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MOVIE REVIEW: Five-star film’s incredible achievement

Who knew kids running around like little nutters would be so endearing?
Who knew kids running around like little nutters would be so endearing?

DIRECTOR Sean Baker has made a career out of telling the stories of outsiders, of the overlooked.

His breakout film, Tangerine, followed the dramas of Los Angeles sex workers and was shot entirely on an iPhone. Before that, Take Out focused on illegal Chinese immigrants while Prince Of Broadway was about New York street hustlers.

With his latest film, The Florida Project, Baker's humanist approach sees him aiming his camera at the underclass a stone's throw from the happiest place on Earth, the transient motel residents of The Magic Castle.

Six-year-old Moonee (Brooklynn Prince) lives with her mother Halley (Bria Vinaite) in a cheap, gimmicky motel down the road from Disney World, Florida. The Magic Castle is part of the unsanctioned, unlicensed grey economy trading off tourists' Mickey fever.

Defiant and rude, Halley can't hold down a job and makes ends meet by hawking cheap perfume to tourists in carparks and relying on handouts from food vans.

Though she clearly loves her daughter, she doesn't take much interest in supervising Moonee or her mates. Halley is barely more than a kid herself.

Brooklynn Prince and Bria Vinaite are untrained actors who give wonderful performances
Brooklynn Prince and Bria Vinaite are untrained actors who give wonderful performances

Moonee and her friends Jancey and Scooty run rampant all over town, causing all kinds of havoc, behaving as if the entire world only existed to fulfil their needs, the way that young children do. They hustle tourists, spit on cars and set things on fire.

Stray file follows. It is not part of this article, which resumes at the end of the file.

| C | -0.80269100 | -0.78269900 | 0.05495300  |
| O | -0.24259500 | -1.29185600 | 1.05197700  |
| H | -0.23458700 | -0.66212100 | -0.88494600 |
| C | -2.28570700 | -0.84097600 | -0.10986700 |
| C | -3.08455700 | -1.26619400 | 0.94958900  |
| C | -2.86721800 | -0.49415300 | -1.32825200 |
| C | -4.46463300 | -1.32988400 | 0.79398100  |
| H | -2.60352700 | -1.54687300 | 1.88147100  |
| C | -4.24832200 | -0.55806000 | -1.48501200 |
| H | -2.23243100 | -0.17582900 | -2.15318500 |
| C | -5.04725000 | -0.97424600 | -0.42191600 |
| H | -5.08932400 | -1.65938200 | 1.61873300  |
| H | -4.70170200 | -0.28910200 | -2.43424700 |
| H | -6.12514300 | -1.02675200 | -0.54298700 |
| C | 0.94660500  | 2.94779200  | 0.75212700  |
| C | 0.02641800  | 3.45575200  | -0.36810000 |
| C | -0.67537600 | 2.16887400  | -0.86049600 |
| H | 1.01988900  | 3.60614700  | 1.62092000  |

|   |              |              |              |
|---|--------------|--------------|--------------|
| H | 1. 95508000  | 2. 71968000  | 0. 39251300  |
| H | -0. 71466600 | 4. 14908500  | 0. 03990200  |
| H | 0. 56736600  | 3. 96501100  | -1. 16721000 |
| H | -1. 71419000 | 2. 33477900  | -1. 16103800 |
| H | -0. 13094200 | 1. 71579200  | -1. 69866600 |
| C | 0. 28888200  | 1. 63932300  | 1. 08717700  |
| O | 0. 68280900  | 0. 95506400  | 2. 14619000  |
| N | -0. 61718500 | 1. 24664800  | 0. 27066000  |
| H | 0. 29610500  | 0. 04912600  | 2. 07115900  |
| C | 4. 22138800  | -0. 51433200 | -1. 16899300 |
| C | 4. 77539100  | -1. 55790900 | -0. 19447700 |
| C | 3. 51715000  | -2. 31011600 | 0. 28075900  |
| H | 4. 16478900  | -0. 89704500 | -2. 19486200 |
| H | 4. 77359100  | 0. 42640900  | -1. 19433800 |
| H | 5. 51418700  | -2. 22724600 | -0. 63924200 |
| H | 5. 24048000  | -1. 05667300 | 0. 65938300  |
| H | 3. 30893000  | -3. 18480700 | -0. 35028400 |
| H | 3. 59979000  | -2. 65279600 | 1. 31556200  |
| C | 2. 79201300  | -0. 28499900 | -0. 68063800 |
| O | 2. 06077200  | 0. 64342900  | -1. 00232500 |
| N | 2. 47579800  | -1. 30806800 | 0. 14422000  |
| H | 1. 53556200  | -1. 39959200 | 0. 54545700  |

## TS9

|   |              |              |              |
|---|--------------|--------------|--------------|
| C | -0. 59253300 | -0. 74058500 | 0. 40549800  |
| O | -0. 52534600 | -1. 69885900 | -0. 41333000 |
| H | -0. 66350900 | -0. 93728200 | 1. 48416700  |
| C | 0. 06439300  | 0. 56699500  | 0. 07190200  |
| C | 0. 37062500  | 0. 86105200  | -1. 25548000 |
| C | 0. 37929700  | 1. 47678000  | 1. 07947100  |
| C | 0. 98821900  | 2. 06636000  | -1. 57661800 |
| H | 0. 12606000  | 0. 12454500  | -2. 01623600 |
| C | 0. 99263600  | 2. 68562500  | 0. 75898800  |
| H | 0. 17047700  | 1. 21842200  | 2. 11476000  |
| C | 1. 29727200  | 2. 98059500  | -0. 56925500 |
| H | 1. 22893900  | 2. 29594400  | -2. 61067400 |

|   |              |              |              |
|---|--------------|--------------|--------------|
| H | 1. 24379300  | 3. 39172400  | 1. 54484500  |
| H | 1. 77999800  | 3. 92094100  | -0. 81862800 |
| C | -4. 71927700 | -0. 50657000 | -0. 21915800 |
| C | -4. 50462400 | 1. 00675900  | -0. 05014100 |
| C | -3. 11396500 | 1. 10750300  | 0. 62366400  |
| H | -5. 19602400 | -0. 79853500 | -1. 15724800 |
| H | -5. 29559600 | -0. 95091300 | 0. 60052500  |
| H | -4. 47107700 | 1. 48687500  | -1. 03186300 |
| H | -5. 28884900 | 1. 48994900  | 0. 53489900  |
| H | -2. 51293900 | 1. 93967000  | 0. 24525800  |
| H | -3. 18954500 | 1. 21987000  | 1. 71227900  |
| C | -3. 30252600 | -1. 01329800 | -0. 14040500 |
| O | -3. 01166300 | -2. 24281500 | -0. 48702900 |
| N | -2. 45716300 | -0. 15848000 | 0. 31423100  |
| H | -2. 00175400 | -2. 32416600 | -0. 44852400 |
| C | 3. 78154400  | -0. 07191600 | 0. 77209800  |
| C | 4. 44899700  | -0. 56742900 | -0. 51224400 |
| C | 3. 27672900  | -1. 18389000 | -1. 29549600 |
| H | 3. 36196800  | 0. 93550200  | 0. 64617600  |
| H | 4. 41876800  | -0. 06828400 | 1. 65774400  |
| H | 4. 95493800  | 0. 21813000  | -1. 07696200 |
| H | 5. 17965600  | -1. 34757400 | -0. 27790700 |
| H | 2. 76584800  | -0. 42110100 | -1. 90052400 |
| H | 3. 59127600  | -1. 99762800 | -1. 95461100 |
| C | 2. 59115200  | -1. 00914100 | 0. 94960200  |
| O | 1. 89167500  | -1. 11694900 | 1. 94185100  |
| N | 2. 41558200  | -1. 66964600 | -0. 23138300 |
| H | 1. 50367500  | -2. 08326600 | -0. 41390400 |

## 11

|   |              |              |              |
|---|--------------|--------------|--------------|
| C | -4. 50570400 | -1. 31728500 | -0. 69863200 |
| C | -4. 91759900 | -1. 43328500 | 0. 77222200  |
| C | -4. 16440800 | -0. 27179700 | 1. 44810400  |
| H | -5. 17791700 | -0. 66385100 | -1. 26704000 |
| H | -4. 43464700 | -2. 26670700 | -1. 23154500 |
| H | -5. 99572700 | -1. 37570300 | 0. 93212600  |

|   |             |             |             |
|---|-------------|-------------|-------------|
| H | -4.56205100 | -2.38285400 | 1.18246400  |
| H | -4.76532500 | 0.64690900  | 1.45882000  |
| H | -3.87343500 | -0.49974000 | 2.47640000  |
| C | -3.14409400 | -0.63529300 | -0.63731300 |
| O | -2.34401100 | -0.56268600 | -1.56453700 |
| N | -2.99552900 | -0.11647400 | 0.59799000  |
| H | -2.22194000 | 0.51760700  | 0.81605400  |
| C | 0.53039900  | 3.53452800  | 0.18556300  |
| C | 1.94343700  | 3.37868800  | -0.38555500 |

It leaves the motel's manager Bobby (Willem Dafoe) to act as parent to both Moonee and Halley. He's warm but practical and it's easy to see why Dafoe's considered performance is the frontrunner in the Oscar race for Best Supporting Actor.

While The Florida Project has a story arc, that's not the point. There's a looseness to it with scenes often serving no purpose in terms of narrative momentum - they exist to allow the audience to spend more time with these characters, gaining insights into their marginalised place in modern America.

It speaks volumes about Baker's affinity for these characters and this world that The Florida Project can take you from the first 10 minutes when you're squirming, regretting seeing a movie that seems to primarily feature screaming, undisciplined children to a place of deepest empathy.

That is an incredible achievement to pull off.

Empathy and humanity are the prevailing qualities on display
Empathy and humanity are the prevailing qualities on display

The world captured by Baker's lens is colourful and bright, despite its impoverished inhabitants, and he never judges or pities them for their choices, even if you might. Here is a movie that shows, not tells.

Baker normally works with undiscovered talent - Dafoe and Caleb Landry Jones are the rare exceptions - and little Brooklynn Prince is a revelation. She's vibrant, effervescent and a total firecracker. Vinaite, an untrained Instagram star, is similarly wonderful as Halley.

For all of its naturalism, The Florida Project is also a celebration of childhood wonderment, even if that childhood is penniless and only adjacent to, not part of, the fairytale being sold by corporate America.

With The Florida Project, Baker takes a big swing and hit it right out of the park.

Rating: 5/5

The Florida Project is in cinemas on Thursday.

Share your movies and TV obsessions with @wenleima on Twitter.

Topics:  movie review movies the florida project willem dafoe



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